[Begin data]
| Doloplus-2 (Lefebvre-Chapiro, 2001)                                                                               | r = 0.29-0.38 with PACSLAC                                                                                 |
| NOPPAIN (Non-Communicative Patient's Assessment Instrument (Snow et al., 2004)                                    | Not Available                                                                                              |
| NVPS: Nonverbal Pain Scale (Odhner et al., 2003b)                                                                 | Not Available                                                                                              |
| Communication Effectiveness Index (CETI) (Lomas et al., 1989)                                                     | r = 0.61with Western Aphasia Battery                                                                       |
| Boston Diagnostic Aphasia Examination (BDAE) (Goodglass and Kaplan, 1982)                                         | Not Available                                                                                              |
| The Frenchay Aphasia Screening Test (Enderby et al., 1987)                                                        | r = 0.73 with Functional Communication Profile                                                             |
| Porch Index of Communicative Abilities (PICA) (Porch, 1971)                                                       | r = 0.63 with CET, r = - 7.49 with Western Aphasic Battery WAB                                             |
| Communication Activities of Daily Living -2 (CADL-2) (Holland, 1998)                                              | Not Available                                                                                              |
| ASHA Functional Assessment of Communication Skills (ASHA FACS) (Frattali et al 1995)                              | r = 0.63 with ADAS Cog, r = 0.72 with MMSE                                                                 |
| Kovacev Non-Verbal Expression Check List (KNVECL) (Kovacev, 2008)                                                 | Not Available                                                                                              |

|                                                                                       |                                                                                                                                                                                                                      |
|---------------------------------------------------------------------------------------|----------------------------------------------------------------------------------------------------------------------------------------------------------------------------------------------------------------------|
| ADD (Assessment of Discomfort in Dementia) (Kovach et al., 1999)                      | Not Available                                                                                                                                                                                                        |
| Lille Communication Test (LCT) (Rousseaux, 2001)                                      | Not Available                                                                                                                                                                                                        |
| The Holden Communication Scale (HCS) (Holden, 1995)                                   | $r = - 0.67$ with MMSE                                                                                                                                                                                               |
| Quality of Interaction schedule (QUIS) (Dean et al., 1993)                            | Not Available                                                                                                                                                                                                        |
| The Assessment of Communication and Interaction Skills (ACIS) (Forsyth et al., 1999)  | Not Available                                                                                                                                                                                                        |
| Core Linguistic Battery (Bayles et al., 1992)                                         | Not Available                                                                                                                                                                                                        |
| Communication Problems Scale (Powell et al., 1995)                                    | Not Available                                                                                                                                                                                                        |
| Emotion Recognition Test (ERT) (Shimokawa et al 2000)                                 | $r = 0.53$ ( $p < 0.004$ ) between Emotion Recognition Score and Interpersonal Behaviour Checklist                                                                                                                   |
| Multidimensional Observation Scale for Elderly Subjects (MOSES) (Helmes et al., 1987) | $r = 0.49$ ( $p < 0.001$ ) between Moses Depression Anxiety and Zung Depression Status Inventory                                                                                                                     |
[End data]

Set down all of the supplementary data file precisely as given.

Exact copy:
| Doloplus-2 (Lefebvre-Chapiro, 2001)                                                                               | r = 0.29-0.38 with PACSLAC                                                                                 |
| NOPPAIN (Non-Communicative Patient's Assessment Instrument (Snow et al., 2004)                                    | Not Available                                                                                              |
| NVPS: Nonverbal Pain Scale (Odhner et al., 2003b)                                                                 | Not Available                                                                                              |
| Communication Effectiveness Index (CETI) (Lomas et al., 1989)                                                     | r = 0.61with Western Aphasia Battery                                                                       |
| Boston Diagnostic Aphasia Examination (BDAE) (Goodglass and Kaplan, 1982)                                         | Not Available                                                                                              |
| The Frenchay Aphasia Screening Test (Enderby et al., 1987)                                                        | r = 0.73 with Functional Communication Profile                                                             |
| Porch Index of Communicative Abilities (PICA) (Porch, 1971)                                                       | r = 0.63 with CET, r = - 7.49 with Western Aphasic Battery WAB                                             |
| Communication Activities of Daily Living -2 (CADL-2) (Holland, 1998)                                              | Not Available                                                                                              |
| ASHA Functional Assessment of Communication Skills (ASHA FACS) (Frattali et al 1995)                              | r = 0.63 with ADAS Cog, r = 0.72 with MMSE                                                                 |
| Kovacev Non-Verbal Expression Check List (KNVECL) (Kovacev, 2008)                                                 | Not Available                                                                                              |

|                                                                                       |                                                                                                                                                                                                                      |
|---------------------------------------------------------------------------------------|----------------------------------------------------------------------------------------------------------------------------------------------------------------------------------------------------------------------|
| ADD (Assessment of Discomfort in Dementia) (Kovach et al., 1999)                      | Not Available                                                                                                                                                                                                        |
| Lille Communication Test (LCT) (Rousseaux, 2001)                                      | Not Available                                                                                                                                                                                                        |
| The Holden Communication Scale (HCS) (Holden, 1995)                                   | $r = - 0.67$ with MMSE                                                                                                                                                                                               |
| Quality of Interaction schedule (QUIS) (Dean et al., 1993)                            | Not Available                                                                                                                                                                                                        |
| The Assessment of Communication and Interaction Skills (ACIS) (Forsyth et al., 1999)  | Not Available                                                                                                                                                                                                        |
| Core Linguistic Battery (Bayles et al., 1992)                                         | Not Available                                                                                                                                                                                                        |
| Communication Problems Scale (Powell et al., 1995)                                    | Not Available                                                                                                                                                                                                        |
| Emotion Recognition Test (ERT) (Shimokawa et al 2000)                                 | $r = 0.53$ ( $p < 0.004$ ) between Emotion Recognition Score and Interpersonal Behaviour Checklist                                                                                                                   |
| Multidimensional Observation Scale for Elderly Subjects (MOSES) (Helmes et al., 1987) | $r = 0.49$ ( $p < 0.001$ ) between Moses Depression Anxiety and Zung Depression Status Inventory                                                                                                                     |